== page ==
What SMEs need to access funds from banks

What SMEs need to access funds from banks

The economy is facing one of its worst challenges. This development has put a lot of strain on businesses. The financial sector is also not sparred because the Domestic Debt Exchange Programme (DDEP) has impacted not only their profitability but also their capital.

This will make it difficult for Small and Medium Enterprises (SMEs) which are the backbone of the Ghanaian economy to survive particularly at a time when interest rates are above an average of 35 per cent. Non-performing loans as at last year has also increased to about 14 per cent. This means that, banks will tighten their risk structures before they lend to the SMEs

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SMEs are a critical part of the economy. They represent about 85 per cent of businesses, largely within the private sector. Records indicate that, SMEs contribute about 70 per cent to the country's Gross Domestic Product (GDP). These basic facts about SMEs in the country ,therefore, bears testimony to the fact that the sector has the capacity to completely or to a large extent, turn around the fortunes of the economy and the owners of small and medium businesses.

Considering the role of SMEs in national development and the financial challenges they are likely to face in these tough times, four ways by which SMEs can look attractive to the banks in order to easily access credit is discussed.

Business plan

Many people who want to start a small business fail to take the first step of having a business plan. It is simply a written document that describes in detail how a business—usually a startup—defines its objectives and how it is to go about achieving its goals. In short, it lays out a written roadmap for the firm from marketing, financial and operational standpoints.

There is a common allegation many such SMEs make. To them, banks refuse to lend funds to them to start or run their business. However, most of them fail to appreciate the fact that the money sitting with the banks are for depositors who have left their money for safekeeping and to earn some interest. Therefore, before a bank lends to an SME, it must be sure of who it is lending to and for what.

In effect, the bank must tell that the business is set up with an effective strategy for growth; it is able to determine its future financial needs and at least, it is able to attract investors which can be angel investors and venture capital funding or and lenders such as banks. Once a bank is convinced by seeing a serious business plan, it is confident to lend the money and even offer guidance.

This means that business plans are crucial for the success and survival of SME’s.

Bookkeeping

One of the basic mistakes many SMEs make is their inability to do one simple thing – bookkeeping. This means, there is no financials which the banks so badly require. But this is a very critical aspect of running a business. Simply put, bookkeeping is the process of keeping track of every financial transaction made by the business on a daily basis. Depending on the type of accounting system used by the business, each financial transaction is recorded based on supporting documentation. That documentation may be a receipt, an invoice, a purchase order or some similar type of financial record showing that a transaction took place.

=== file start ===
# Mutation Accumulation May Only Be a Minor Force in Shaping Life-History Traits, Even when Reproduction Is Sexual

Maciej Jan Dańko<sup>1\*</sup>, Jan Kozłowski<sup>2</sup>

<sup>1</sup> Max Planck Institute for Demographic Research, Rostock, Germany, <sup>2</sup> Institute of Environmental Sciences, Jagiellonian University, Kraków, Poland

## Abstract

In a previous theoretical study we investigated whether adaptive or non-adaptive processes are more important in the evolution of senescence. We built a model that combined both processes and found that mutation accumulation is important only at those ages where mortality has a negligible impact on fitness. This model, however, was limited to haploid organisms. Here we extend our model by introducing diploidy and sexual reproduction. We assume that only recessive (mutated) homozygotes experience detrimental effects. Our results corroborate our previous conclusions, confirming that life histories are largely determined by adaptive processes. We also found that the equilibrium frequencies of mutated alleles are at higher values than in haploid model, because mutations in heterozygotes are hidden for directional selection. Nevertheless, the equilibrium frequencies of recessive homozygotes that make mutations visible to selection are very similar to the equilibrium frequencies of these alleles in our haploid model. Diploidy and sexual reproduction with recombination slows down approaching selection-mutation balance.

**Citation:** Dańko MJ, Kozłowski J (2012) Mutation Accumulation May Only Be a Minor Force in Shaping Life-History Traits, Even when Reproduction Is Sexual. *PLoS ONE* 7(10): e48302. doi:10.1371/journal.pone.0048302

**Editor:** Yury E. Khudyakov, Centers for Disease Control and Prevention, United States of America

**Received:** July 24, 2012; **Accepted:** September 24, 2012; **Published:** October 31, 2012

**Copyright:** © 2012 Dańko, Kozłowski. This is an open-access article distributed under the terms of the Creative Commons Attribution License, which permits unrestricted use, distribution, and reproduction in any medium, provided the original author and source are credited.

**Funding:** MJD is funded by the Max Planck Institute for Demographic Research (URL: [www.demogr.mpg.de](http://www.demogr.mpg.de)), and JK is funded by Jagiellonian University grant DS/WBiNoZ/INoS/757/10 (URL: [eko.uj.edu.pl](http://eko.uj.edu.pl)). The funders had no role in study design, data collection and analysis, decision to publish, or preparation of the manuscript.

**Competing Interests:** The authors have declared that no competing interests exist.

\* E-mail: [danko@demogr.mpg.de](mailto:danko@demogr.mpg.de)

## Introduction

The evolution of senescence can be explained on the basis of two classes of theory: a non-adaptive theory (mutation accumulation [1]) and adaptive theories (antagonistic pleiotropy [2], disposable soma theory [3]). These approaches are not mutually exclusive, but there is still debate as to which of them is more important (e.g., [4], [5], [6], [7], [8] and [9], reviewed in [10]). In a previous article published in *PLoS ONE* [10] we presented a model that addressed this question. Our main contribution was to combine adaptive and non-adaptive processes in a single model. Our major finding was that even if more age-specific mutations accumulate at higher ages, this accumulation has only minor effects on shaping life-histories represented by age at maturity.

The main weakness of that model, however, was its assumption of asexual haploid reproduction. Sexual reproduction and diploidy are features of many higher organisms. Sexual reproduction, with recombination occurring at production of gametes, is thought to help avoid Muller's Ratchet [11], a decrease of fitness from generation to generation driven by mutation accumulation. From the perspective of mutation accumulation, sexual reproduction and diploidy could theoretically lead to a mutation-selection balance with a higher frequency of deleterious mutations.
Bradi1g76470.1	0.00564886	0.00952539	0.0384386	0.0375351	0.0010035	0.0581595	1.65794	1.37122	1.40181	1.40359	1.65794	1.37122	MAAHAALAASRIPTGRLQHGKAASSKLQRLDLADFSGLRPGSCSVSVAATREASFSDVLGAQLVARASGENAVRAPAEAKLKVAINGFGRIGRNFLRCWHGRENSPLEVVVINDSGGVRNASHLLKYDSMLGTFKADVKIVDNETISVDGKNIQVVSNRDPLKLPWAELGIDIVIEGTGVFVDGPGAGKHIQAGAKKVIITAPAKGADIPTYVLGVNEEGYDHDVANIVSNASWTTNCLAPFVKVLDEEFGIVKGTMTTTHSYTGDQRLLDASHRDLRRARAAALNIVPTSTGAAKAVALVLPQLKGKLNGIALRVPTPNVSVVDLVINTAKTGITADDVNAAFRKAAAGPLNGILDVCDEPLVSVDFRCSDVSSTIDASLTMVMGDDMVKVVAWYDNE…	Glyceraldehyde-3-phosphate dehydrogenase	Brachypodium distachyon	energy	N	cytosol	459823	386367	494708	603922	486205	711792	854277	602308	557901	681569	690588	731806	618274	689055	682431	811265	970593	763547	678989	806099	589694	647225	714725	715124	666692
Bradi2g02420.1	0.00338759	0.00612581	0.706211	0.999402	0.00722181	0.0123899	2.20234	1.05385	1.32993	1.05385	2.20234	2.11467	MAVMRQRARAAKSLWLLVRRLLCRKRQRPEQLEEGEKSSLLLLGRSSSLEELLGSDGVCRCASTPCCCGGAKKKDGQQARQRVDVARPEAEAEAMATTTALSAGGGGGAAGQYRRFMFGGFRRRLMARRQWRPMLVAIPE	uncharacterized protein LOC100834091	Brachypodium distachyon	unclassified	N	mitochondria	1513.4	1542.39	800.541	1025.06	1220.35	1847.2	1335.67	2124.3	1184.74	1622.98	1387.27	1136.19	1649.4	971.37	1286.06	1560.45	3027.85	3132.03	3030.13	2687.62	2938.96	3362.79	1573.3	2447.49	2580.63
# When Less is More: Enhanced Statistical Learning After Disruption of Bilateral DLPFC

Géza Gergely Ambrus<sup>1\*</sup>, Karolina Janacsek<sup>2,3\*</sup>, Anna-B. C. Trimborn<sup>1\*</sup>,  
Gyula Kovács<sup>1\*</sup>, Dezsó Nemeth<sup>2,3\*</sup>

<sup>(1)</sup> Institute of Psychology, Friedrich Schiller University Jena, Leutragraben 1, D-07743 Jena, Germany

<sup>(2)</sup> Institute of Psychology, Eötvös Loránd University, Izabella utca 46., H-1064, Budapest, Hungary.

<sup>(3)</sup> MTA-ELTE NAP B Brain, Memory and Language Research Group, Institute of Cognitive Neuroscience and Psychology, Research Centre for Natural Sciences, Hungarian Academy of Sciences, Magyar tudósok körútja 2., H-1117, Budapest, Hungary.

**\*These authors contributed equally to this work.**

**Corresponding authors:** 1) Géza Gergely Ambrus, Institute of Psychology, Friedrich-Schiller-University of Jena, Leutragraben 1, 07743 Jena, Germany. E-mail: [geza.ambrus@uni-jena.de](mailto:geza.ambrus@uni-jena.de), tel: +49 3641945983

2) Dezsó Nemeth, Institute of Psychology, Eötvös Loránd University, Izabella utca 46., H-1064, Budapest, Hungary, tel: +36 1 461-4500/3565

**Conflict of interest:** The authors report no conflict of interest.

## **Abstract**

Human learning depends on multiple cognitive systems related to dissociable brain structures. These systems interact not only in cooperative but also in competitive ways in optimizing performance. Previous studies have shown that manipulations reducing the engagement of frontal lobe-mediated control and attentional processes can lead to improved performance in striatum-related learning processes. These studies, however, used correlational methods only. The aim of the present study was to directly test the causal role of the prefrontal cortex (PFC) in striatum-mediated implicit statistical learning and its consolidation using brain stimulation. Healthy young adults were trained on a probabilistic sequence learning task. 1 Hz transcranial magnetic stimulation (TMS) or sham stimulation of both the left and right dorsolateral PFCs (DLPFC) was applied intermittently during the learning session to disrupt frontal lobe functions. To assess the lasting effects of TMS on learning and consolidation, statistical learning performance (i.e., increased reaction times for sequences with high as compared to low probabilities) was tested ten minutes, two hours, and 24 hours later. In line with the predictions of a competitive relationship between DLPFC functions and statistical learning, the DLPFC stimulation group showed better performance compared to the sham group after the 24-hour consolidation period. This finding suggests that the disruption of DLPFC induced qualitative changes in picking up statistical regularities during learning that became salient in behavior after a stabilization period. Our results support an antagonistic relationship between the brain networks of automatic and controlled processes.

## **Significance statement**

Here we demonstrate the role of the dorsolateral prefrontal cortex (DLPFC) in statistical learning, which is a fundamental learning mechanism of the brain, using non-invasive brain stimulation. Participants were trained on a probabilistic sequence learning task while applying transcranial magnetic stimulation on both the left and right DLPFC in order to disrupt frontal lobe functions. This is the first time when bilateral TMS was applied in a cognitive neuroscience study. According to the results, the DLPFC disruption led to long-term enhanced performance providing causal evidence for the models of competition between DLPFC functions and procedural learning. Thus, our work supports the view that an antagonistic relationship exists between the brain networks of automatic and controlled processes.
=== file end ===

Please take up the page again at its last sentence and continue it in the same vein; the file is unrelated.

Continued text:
In going for a facility, banks usually would want to see the books (financials) of the SME before they can have the confidence to advance funds to increase stock or for any other things which is business related.

Savings culture

To many SMEs, they can only save when the profits are big. Otherwise, deliberately setting aside bits of the day’s profit into savings is a no no.

There is a common saying that little drops of water makes a mighty ocean. Therefore, making it a habit to set aside a small percentage of profits made daily is crucial in that, over time, your saving culture will lead to building wealth and create opportunity for SMEs to access funds from banks.

Collateral

The term collateral refers to an asset that a lender accepts as security for a loan. Collateral may take the form of real estate or other kinds of assets, depending on the purpose of the loan. The collateral acts as a form of protection for the lender. That is, if the borrower defaults on their loan payments, the lender can seize the collateral and sell it to recoup some or all of its losses.

In Ghana like many other jurisdictions, this is required. As mentioned earlier, the monies with the banks is not for free. It belongs to people and business owners and, therefore, at the time they come for it, the bank must be able to pay. So at least, SMEs must ensure that they have something to prove as collateral so in case something goes wrong, there will be no burden on the bank.

Way forward

Some banks are doing a lot for SMEs to enable them to, at least overcome their financial hurdles.

For instance, some banks hold a lot of capacity building workshops and clinics for SMEs. These banks have special desks for advisory services.

Another intriguing thing has to do with the less rigorous loan access requirements. Some of these banks also ensure lending against turnovers with no tangible collateral but as the NPLs soar, a form of collateral is required and SMEs must watch that.

SMEs must, therefore, ensure that they adhere to the basic requirements as listed above. If in doubt, they can visit banks and financial institutions that are friendly and ready to advise on the way forward.

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